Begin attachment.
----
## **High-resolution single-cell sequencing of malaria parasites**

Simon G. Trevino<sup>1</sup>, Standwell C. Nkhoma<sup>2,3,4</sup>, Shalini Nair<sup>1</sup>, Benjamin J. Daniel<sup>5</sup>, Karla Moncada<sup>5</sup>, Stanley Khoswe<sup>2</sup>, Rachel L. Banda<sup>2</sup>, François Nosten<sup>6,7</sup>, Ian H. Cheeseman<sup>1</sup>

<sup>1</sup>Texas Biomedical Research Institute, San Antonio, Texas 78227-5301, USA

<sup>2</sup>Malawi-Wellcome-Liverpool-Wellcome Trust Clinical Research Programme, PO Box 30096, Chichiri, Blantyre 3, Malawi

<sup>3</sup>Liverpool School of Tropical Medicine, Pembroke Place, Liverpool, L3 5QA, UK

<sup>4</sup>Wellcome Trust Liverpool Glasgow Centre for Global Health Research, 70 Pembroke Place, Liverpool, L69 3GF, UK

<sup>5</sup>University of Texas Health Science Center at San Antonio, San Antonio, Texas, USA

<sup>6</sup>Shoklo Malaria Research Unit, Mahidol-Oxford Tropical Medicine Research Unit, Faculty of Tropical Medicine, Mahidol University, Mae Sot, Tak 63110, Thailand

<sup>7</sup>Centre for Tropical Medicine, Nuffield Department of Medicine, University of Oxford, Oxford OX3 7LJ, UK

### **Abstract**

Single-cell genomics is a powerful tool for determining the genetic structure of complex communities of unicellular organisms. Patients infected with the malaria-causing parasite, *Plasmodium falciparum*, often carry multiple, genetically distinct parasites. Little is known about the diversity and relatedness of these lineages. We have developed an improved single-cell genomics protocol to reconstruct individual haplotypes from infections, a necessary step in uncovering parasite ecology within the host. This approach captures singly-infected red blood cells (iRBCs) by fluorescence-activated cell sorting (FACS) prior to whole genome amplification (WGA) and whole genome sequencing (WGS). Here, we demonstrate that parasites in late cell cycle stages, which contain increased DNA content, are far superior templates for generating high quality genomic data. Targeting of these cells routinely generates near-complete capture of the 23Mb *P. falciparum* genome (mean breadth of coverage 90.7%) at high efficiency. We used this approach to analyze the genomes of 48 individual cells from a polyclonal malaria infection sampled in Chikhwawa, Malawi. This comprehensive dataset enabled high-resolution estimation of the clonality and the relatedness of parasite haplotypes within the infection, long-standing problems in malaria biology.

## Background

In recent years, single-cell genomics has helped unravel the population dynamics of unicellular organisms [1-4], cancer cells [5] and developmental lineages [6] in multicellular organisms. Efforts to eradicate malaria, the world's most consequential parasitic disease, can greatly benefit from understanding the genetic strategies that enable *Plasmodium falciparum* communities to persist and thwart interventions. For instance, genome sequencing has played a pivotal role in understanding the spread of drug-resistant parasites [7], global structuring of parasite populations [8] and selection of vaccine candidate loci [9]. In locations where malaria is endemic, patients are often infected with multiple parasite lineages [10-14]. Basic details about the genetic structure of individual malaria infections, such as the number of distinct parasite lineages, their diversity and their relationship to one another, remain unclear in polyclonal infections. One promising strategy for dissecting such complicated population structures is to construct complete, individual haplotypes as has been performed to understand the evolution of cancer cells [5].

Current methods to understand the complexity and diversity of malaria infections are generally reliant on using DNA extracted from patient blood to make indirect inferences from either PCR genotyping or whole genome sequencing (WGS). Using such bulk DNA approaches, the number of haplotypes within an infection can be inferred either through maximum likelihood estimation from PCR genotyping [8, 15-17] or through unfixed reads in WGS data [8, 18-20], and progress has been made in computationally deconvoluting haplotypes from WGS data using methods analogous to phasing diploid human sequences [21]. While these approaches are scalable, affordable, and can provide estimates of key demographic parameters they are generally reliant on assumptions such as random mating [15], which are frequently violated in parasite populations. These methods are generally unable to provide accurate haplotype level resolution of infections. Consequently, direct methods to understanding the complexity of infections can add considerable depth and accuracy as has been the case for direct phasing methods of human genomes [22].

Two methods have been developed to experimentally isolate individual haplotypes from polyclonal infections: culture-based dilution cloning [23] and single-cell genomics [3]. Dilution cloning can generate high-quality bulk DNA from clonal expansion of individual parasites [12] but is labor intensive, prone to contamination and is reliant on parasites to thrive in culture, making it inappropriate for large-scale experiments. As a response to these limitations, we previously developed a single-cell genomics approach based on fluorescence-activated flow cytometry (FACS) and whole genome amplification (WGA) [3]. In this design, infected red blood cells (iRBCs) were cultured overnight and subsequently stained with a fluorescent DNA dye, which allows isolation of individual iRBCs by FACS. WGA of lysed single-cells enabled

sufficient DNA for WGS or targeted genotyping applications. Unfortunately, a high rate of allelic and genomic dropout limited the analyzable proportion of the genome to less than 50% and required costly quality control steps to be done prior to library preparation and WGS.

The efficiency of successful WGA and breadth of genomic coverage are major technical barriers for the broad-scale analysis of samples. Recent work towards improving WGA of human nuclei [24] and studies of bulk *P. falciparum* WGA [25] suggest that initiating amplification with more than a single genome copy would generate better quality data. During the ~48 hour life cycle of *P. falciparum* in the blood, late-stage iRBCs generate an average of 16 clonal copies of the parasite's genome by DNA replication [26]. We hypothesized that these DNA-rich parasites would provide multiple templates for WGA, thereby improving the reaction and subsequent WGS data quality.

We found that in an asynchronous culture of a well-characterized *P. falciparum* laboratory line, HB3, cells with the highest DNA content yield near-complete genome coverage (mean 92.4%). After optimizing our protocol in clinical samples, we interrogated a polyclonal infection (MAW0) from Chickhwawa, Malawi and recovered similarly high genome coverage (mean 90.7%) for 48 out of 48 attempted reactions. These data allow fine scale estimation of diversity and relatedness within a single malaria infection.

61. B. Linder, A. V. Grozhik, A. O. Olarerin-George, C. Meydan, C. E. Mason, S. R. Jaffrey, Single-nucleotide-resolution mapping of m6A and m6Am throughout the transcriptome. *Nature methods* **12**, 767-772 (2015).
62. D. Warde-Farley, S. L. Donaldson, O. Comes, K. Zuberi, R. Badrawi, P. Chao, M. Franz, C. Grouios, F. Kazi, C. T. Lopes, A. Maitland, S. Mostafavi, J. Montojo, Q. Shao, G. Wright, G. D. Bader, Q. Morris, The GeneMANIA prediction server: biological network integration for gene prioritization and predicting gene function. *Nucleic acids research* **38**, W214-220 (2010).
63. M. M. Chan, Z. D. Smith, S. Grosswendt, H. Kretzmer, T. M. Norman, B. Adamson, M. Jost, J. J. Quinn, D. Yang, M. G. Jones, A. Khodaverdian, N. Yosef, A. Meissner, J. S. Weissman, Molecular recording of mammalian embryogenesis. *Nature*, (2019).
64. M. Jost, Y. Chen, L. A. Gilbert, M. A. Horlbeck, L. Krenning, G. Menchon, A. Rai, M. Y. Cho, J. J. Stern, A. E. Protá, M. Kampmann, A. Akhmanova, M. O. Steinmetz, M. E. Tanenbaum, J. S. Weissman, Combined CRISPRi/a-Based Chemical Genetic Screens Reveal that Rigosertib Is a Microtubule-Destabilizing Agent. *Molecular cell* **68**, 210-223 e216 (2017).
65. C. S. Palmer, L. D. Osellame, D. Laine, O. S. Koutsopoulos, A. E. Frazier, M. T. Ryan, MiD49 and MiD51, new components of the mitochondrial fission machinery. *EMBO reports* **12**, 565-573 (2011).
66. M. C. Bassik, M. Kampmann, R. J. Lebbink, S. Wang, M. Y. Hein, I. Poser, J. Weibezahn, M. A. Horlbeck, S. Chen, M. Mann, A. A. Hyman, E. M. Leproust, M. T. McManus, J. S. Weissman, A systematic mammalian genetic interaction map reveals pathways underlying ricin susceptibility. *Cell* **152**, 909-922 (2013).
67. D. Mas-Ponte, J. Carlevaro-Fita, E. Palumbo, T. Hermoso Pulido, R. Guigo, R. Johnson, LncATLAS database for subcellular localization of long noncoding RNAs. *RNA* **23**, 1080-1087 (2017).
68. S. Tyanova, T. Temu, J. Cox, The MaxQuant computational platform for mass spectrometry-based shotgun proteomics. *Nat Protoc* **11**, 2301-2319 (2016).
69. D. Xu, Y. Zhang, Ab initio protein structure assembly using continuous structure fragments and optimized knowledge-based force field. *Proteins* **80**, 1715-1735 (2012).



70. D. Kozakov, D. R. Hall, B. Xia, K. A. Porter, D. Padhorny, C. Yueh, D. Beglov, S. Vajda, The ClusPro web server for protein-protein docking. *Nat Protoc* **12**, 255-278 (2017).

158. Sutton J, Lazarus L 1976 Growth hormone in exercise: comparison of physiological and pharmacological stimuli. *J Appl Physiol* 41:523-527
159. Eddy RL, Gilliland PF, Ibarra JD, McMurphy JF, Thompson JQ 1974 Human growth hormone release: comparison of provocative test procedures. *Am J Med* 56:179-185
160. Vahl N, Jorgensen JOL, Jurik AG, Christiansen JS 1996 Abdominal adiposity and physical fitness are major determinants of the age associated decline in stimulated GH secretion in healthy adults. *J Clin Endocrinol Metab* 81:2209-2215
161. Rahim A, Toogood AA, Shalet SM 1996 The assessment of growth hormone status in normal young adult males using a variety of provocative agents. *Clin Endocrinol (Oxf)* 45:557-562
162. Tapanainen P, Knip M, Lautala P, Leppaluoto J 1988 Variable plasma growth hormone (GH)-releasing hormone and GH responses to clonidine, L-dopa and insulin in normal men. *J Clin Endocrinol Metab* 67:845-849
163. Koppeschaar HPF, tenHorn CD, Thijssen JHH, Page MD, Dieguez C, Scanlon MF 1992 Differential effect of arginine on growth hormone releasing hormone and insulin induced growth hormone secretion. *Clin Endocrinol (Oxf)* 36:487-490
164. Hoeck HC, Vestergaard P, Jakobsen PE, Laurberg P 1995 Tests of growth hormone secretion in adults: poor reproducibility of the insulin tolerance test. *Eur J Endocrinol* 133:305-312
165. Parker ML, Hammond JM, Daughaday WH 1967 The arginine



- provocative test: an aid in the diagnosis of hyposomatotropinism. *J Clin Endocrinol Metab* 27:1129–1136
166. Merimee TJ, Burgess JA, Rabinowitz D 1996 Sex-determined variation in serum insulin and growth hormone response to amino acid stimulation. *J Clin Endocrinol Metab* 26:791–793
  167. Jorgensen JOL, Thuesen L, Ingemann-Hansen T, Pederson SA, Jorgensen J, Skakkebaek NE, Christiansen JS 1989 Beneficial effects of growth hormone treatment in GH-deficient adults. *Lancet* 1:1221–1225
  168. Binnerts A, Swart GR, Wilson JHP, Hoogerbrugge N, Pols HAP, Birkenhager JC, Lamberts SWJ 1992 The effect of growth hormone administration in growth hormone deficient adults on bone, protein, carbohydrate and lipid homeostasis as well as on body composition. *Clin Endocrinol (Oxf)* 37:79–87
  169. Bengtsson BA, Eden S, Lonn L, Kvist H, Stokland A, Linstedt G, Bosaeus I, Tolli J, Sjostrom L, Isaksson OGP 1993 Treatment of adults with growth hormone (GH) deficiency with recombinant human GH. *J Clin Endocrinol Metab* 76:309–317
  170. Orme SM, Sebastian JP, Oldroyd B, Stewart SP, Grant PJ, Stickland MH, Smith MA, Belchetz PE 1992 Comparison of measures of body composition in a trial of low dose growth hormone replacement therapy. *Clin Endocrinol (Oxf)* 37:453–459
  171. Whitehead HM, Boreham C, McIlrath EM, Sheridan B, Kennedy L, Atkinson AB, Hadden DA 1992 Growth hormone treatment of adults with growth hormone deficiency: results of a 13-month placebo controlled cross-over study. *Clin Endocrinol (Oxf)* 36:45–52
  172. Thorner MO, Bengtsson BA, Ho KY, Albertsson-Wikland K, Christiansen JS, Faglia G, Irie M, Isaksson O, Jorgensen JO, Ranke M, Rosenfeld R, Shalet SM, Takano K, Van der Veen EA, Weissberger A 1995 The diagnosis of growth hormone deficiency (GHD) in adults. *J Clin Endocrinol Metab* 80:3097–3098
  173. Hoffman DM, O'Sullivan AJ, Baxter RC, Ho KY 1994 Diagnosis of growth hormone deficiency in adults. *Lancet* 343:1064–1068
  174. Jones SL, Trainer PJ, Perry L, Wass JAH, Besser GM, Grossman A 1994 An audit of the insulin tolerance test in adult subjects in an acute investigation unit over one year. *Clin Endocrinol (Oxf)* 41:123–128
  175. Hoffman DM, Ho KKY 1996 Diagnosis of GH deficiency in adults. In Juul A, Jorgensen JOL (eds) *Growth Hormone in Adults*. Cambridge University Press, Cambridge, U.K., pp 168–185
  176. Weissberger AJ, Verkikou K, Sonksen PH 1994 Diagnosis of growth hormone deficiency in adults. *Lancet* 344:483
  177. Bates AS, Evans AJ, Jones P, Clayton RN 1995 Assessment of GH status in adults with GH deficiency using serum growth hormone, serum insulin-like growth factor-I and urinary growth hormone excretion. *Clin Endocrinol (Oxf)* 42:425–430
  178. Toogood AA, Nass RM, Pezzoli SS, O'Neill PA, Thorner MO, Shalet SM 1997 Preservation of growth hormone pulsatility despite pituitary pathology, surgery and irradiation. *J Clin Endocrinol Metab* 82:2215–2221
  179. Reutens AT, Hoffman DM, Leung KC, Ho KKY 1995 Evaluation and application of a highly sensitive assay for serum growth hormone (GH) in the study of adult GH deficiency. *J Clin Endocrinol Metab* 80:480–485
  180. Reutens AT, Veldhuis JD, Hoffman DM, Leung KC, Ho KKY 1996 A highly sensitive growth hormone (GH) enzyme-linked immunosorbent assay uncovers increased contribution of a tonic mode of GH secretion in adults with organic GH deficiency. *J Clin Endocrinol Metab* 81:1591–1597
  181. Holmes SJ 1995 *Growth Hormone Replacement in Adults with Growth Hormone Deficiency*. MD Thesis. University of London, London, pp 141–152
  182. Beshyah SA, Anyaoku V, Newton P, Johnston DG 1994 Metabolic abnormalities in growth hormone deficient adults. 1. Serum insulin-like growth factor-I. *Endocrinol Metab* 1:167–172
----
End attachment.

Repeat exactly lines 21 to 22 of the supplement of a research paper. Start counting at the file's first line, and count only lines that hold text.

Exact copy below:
63. M. M. Chan, Z. D. Smith, S. Grosswendt, H. Kretzmer, T. M. Norman, B. Adamson, M. Jost, J. J. Quinn, D. Yang, M. G. Jones, A. Khodaverdian, N. Yosef, A. Meissner, J. S. Weissman, Molecular recording of mammalian embryogenesis. *Nature*, (2019).
64. M. Jost, Y. Chen, L. A. Gilbert, M. A. Horlbeck, L. Krenning, G. Menchon, A. Rai, M. Y. Cho, J. J. Stern, A. E. Protá, M. Kampmann, A. Akhmanova, M. O. Steinmetz, M. E. Tanenbaum, J. S. Weissman, Combined CRISPRi/a-Based Chemical Genetic Screens Reveal that Rigosertib Is a Microtubule-Destabilizing Agent. *Molecular cell* **68**, 210-223 e216 (2017).